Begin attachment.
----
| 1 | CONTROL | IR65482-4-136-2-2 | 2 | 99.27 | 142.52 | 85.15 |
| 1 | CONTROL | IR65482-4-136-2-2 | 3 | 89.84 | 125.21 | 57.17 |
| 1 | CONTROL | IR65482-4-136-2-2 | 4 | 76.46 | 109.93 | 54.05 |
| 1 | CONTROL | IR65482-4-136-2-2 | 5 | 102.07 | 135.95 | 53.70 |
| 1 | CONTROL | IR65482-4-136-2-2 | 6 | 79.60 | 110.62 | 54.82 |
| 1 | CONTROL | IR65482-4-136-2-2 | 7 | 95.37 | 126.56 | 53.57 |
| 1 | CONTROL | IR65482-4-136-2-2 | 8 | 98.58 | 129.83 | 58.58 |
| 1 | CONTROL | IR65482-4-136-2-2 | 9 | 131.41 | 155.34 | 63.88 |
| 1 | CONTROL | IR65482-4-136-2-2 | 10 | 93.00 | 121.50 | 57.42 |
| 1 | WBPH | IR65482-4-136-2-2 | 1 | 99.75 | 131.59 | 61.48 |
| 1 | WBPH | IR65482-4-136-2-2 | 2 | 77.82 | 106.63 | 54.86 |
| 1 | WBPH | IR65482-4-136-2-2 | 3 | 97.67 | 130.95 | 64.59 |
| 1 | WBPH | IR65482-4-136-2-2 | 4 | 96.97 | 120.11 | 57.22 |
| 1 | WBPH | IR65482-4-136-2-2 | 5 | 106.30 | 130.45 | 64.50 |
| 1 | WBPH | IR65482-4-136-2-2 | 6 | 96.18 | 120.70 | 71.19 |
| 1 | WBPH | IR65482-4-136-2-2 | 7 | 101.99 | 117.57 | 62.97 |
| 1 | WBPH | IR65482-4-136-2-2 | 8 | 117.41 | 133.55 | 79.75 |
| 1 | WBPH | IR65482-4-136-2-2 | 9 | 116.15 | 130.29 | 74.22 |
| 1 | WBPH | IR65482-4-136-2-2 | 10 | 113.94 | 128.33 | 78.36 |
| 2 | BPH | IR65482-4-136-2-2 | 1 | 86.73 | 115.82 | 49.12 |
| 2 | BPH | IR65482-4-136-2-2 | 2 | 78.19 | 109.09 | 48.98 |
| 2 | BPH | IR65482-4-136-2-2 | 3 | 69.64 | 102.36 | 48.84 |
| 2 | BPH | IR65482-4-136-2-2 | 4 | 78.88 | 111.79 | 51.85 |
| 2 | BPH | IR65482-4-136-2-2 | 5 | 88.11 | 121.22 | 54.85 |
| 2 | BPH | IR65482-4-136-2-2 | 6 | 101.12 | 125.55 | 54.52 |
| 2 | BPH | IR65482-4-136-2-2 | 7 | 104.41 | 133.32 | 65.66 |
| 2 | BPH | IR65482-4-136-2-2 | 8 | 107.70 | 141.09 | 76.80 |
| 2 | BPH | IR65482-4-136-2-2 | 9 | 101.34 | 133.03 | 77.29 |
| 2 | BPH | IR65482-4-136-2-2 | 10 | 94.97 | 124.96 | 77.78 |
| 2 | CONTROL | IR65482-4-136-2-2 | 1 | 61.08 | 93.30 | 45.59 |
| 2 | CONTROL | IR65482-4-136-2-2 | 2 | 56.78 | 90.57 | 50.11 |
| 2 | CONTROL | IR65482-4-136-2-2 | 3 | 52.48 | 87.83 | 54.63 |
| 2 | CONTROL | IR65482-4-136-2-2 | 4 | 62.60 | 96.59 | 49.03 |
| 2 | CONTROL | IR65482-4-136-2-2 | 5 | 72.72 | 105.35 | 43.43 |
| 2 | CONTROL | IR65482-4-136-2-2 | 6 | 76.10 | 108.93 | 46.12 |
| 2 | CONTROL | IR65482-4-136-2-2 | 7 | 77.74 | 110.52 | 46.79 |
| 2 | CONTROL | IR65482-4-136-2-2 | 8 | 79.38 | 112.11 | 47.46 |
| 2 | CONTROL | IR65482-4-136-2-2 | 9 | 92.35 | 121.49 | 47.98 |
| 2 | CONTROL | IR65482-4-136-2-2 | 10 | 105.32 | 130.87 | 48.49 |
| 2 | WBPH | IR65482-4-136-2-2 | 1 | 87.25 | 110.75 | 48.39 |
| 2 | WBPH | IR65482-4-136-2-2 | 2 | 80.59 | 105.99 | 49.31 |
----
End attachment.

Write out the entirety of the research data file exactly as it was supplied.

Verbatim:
| 1 | CONTROL | IR65482-4-136-2-2 | 2 | 99.27 | 142.52 | 85.15 |
| 1 | CONTROL | IR65482-4-136-2-2 | 3 | 89.84 | 125.21 | 57.17 |
| 1 | CONTROL | IR65482-4-136-2-2 | 4 | 76.46 | 109.93 | 54.05 |
| 1 | CONTROL | IR65482-4-136-2-2 | 5 | 102.07 | 135.95 | 53.70 |
| 1 | CONTROL | IR65482-4-136-2-2 | 6 | 79.60 | 110.62 | 54.82 |
| 1 | CONTROL | IR65482-4-136-2-2 | 7 | 95.37 | 126.56 | 53.57 |
| 1 | CONTROL | IR65482-4-136-2-2 | 8 | 98.58 | 129.83 | 58.58 |
| 1 | CONTROL | IR65482-4-136-2-2 | 9 | 131.41 | 155.34 | 63.88 |
| 1 | CONTROL | IR65482-4-136-2-2 | 10 | 93.00 | 121.50 | 57.42 |
| 1 | WBPH | IR65482-4-136-2-2 | 1 | 99.75 | 131.59 | 61.48 |
| 1 | WBPH | IR65482-4-136-2-2 | 2 | 77.82 | 106.63 | 54.86 |
| 1 | WBPH | IR65482-4-136-2-2 | 3 | 97.67 | 130.95 | 64.59 |
| 1 | WBPH | IR65482-4-136-2-2 | 4 | 96.97 | 120.11 | 57.22 |
| 1 | WBPH | IR65482-4-136-2-2 | 5 | 106.30 | 130.45 | 64.50 |
| 1 | WBPH | IR65482-4-136-2-2 | 6 | 96.18 | 120.70 | 71.19 |
| 1 | WBPH | IR65482-4-136-2-2 | 7 | 101.99 | 117.57 | 62.97 |
| 1 | WBPH | IR65482-4-136-2-2 | 8 | 117.41 | 133.55 | 79.75 |
| 1 | WBPH | IR65482-4-136-2-2 | 9 | 116.15 | 130.29 | 74.22 |
| 1 | WBPH | IR65482-4-136-2-2 | 10 | 113.94 | 128.33 | 78.36 |
| 2 | BPH | IR65482-4-136-2-2 | 1 | 86.73 | 115.82 | 49.12 |
| 2 | BPH | IR65482-4-136-2-2 | 2 | 78.19 | 109.09 | 48.98 |
| 2 | BPH | IR65482-4-136-2-2 | 3 | 69.64 | 102.36 | 48.84 |
| 2 | BPH | IR65482-4-136-2-2 | 4 | 78.88 | 111.79 | 51.85 |
| 2 | BPH | IR65482-4-136-2-2 | 5 | 88.11 | 121.22 | 54.85 |
| 2 | BPH | IR65482-4-136-2-2 | 6 | 101.12 | 125.55 | 54.52 |
| 2 | BPH | IR65482-4-136-2-2 | 7 | 104.41 | 133.32 | 65.66 |
| 2 | BPH | IR65482-4-136-2-2 | 8 | 107.70 | 141.09 | 76.80 |
| 2 | BPH | IR65482-4-136-2-2 | 9 | 101.34 | 133.03 | 77.29 |
| 2 | BPH | IR65482-4-136-2-2 | 10 | 94.97 | 124.96 | 77.78 |
| 2 | CONTROL | IR65482-4-136-2-2 | 1 | 61.08 | 93.30 | 45.59 |
| 2 | CONTROL | IR65482-4-136-2-2 | 2 | 56.78 | 90.57 | 50.11 |
| 2 | CONTROL | IR65482-4-136-2-2 | 3 | 52.48 | 87.83 | 54.63 |
| 2 | CONTROL | IR65482-4-136-2-2 | 4 | 62.60 | 96.59 | 49.03 |
| 2 | CONTROL | IR65482-4-136-2-2 | 5 | 72.72 | 105.35 | 43.43 |
| 2 | CONTROL | IR65482-4-136-2-2 | 6 | 76.10 | 108.93 | 46.12 |
| 2 | CONTROL | IR65482-4-136-2-2 | 7 | 77.74 | 110.52 | 46.79 |
| 2 | CONTROL | IR65482-4-136-2-2 | 8 | 79.38 | 112.11 | 47.46 |
| 2 | CONTROL | IR65482-4-136-2-2 | 9 | 92.35 | 121.49 | 47.98 |
| 2 | CONTROL | IR65482-4-136-2-2 | 10 | 105.32 | 130.87 | 48.49 |
| 2 | WBPH | IR65482-4-136-2-2 | 1 | 87.25 | 110.75 | 48.39 |
| 2 | WBPH | IR65482-4-136-2-2 | 2 | 80.59 | 105.99 | 49.31 |